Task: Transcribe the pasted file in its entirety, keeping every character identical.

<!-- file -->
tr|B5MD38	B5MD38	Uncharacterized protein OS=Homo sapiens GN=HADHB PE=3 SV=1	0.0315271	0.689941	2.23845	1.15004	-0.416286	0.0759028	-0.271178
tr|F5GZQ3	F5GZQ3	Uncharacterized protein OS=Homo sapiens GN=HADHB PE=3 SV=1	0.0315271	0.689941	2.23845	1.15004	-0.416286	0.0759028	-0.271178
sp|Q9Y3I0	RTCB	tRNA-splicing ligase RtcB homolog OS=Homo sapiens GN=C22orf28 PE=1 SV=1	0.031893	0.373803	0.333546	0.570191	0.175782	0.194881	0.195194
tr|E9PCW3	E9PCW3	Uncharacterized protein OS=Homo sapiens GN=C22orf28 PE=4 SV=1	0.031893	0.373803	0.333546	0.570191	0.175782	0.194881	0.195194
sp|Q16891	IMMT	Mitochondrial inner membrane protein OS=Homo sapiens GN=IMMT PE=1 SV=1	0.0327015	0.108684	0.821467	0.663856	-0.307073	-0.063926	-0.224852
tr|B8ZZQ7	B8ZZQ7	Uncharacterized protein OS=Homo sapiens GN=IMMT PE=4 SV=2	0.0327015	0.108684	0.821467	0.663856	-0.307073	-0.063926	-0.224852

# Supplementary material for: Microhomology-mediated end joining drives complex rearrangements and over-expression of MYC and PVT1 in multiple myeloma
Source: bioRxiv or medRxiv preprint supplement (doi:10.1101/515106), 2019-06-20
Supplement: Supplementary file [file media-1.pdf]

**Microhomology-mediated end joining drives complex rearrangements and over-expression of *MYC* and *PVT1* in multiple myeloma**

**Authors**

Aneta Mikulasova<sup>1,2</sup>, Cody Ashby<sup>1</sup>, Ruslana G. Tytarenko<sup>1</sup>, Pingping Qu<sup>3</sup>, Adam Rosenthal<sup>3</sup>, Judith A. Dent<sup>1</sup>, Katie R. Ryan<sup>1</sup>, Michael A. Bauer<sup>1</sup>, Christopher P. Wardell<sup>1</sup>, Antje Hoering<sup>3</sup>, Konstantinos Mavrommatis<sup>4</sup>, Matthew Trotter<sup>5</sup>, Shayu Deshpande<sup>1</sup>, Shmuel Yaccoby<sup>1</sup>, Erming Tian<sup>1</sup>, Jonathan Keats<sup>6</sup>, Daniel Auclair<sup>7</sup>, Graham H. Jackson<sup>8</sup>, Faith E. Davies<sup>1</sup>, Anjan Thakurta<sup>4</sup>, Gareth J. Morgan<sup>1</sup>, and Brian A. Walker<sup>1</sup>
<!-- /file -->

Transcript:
tr|B5MD38	B5MD38	Uncharacterized protein OS=Homo sapiens GN=HADHB PE=3 SV=1	0.0315271	0.689941	2.23845	1.15004	-0.416286	0.0759028	-0.271178
tr|F5GZQ3	F5GZQ3	Uncharacterized protein OS=Homo sapiens GN=HADHB PE=3 SV=1	0.0315271	0.689941	2.23845	1.15004	-0.416286	0.0759028	-0.271178
sp|Q9Y3I0	RTCB	tRNA-splicing ligase RtcB homolog OS=Homo sapiens GN=C22orf28 PE=1 SV=1	0.031893	0.373803	0.333546	0.570191	0.175782	0.194881	0.195194
tr|E9PCW3	E9PCW3	Uncharacterized protein OS=Homo sapiens GN=C22orf28 PE=4 SV=1	0.031893	0.373803	0.333546	0.570191	0.175782	0.194881	0.195194
sp|Q16891	IMMT	Mitochondrial inner membrane protein OS=Homo sapiens GN=IMMT PE=1 SV=1	0.0327015	0.108684	0.821467	0.663856	-0.307073	-0.063926	-0.224852
tr|B8ZZQ7	B8ZZQ7	Uncharacterized protein OS=Homo sapiens GN=IMMT PE=4 SV=2	0.0327015	0.108684	0.821467	0.663856	-0.307073	-0.063926	-0.224852

# Supplementary material for: Microhomology-mediated end joining drives complex rearrangements and over-expression of MYC and PVT1 in multiple myeloma
Source: bioRxiv or medRxiv preprint supplement (doi:10.1101/515106), 2019-06-20
Supplement: Supplementary file [file media-1.pdf]

**Microhomology-mediated end joining drives complex rearrangements and over-expression of *MYC* and *PVT1* in multiple myeloma**

**Authors**

Aneta Mikulasova<sup>1,2</sup>, Cody Ashby<sup>1</sup>, Ruslana G. Tytarenko<sup>1</sup>, Pingping Qu<sup>3</sup>, Adam Rosenthal<sup>3</sup>, Judith A. Dent<sup>1</sup>, Katie R. Ryan<sup>1</sup>, Michael A. Bauer<sup>1</sup>, Christopher P. Wardell<sup>1</sup>, Antje Hoering<sup>3</sup>, Konstantinos Mavrommatis<sup>4</sup>, Matthew Trotter<sup>5</sup>, Shayu Deshpande<sup>1</sup>, Shmuel Yaccoby<sup>1</sup>, Erming Tian<sup>1</sup>, Jonathan Keats<sup>6</sup>, Daniel Auclair<sup>7</sup>, Graham H. Jackson<sup>8</sup>, Faith E. Davies<sup>1</sup>, Anjan Thakurta<sup>4</sup>, Gareth J. Morgan<sup>1</sup>, and Brian A. Walker<sup>1</sup>